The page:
In 2016, he got his first research assistant role under Dr Peter Chew, a senior lecturer in psychology; and subsequently, Associate Professor Carol Choo, who specialises in clinical psychology. This position allowed him to collaborate with researchers from IMH and enabled him to learn more about research techniques.
Within the same year, Mr Kuek was awarded a conference grant to present at an international mental health conference organised by the World Federation for Mental Health, where he co-presented with JCU’s Dr Foo Koong Hean, one of Mr Kuek’s first mentors on mental health and psychology-oriented topics.
In his final year at JCU, he particularly enjoyed doing his honours thesis, which studied the various organisational factors that influenced volunteer motivation. “It was my first official piece of research that was completely conceptualised and executed by me. It felt amazing to contribute to a body of knowledge that I felt passionate about,” he recalls.
Although his work did not lead to any publications, it deepened his interest in research. His thesis supervisor Dr Divjyot Kaur gave him free reign and lots of support to explore and work on the topics he enjoyed.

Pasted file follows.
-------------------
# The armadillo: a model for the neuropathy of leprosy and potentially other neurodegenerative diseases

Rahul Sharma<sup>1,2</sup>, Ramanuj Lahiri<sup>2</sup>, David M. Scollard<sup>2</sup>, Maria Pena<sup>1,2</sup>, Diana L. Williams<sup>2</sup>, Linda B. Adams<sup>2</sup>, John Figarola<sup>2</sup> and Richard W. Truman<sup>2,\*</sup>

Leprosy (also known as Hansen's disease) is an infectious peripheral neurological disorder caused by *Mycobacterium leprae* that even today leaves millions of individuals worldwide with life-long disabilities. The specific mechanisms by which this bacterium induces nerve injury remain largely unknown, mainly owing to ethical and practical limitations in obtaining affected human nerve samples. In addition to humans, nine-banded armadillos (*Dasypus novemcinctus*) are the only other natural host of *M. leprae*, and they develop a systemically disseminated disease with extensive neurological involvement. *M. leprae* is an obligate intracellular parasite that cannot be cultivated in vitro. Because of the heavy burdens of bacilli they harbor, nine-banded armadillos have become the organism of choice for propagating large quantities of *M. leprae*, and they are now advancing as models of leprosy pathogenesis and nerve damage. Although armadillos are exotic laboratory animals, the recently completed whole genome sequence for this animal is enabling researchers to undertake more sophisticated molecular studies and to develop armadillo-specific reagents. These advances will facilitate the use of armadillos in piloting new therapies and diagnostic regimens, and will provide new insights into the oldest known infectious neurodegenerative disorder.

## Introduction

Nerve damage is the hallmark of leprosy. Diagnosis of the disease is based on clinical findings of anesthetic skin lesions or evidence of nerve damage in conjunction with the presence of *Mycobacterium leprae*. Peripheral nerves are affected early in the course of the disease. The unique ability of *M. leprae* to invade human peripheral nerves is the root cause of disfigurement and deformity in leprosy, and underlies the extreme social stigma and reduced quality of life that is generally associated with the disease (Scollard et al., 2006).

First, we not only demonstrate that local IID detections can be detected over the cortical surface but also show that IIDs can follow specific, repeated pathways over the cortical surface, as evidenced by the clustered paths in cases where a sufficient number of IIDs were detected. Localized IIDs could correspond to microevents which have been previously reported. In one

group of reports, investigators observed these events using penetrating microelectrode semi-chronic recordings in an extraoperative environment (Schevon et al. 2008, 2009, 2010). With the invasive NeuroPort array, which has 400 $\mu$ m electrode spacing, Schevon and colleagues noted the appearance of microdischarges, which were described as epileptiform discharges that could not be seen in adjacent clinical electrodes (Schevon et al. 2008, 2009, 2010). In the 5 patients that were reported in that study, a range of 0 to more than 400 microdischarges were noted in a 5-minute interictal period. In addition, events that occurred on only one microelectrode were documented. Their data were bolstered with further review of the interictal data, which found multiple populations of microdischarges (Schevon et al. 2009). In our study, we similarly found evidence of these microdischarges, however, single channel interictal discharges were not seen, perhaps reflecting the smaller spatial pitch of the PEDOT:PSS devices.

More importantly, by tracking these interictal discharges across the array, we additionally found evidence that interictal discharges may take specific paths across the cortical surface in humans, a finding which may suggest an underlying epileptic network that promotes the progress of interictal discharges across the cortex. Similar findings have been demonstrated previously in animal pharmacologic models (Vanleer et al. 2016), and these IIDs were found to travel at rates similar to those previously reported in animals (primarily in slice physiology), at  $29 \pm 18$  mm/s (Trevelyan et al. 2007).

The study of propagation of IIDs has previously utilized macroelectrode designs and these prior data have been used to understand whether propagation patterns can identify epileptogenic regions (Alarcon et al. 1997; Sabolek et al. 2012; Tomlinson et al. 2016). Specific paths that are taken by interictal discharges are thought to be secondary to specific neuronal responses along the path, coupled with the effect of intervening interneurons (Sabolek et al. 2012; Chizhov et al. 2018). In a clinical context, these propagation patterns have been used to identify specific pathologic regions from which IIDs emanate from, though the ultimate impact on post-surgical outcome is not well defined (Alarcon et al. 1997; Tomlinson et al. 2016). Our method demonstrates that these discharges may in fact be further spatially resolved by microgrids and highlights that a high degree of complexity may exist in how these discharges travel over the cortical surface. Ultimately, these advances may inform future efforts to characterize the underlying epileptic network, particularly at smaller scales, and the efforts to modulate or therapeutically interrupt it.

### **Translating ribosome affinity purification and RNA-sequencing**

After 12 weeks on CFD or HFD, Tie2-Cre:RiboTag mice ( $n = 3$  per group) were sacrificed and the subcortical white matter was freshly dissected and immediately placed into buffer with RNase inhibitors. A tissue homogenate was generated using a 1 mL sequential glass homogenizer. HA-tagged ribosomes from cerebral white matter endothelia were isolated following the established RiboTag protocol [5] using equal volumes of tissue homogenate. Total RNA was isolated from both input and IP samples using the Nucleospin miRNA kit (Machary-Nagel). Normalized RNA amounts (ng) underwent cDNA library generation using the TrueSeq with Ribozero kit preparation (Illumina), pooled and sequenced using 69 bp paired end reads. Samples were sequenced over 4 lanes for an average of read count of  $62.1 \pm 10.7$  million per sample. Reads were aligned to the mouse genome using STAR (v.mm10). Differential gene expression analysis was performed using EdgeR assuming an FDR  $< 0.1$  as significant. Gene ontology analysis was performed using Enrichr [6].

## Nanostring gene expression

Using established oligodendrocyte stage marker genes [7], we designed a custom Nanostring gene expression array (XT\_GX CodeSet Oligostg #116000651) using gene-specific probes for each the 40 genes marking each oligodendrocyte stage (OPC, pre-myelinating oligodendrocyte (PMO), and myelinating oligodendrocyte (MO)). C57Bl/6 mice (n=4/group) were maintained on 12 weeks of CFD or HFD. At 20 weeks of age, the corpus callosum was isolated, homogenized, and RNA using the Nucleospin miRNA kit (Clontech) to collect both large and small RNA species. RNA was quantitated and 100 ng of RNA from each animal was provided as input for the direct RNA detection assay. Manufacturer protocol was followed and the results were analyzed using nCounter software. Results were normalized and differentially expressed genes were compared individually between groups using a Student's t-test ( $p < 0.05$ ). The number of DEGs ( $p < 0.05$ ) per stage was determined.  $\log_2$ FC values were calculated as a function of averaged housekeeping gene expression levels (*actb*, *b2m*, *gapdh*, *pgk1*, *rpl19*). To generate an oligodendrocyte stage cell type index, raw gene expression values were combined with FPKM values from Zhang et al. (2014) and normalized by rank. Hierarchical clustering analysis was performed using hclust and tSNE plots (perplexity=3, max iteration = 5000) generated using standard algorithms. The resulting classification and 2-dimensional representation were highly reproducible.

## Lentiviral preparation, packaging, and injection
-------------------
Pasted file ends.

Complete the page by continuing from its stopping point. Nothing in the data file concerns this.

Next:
“Dr Kaur was supportive, caring, but also intellectually demanding. She pushed and challenged me to do better, and groomed me to become a more competent researcher, to think outside the box, and continually aim for improvement,” he says. They have kept in touch over the years and are even working together on a research project now.
Mr Kuek says that his JCU experience helped him to gain the confidence and competence needed to complete his PhD successfully. The theoretical and research foundations he gained during his time at JCU has also allowed him to use his academic research to better society.
“Look inwards and take the time to understand what motivates and excites you in the field. While many students may have enrolled wanting to do clinical work in the mental health sector, there is also so much meaning in the research side of psychology and using these skills to bring psychological research to a broader audience.”
Visit this website to find out more about the Bachelor of Psychological Science offered at the Singapore campus of James Cook University.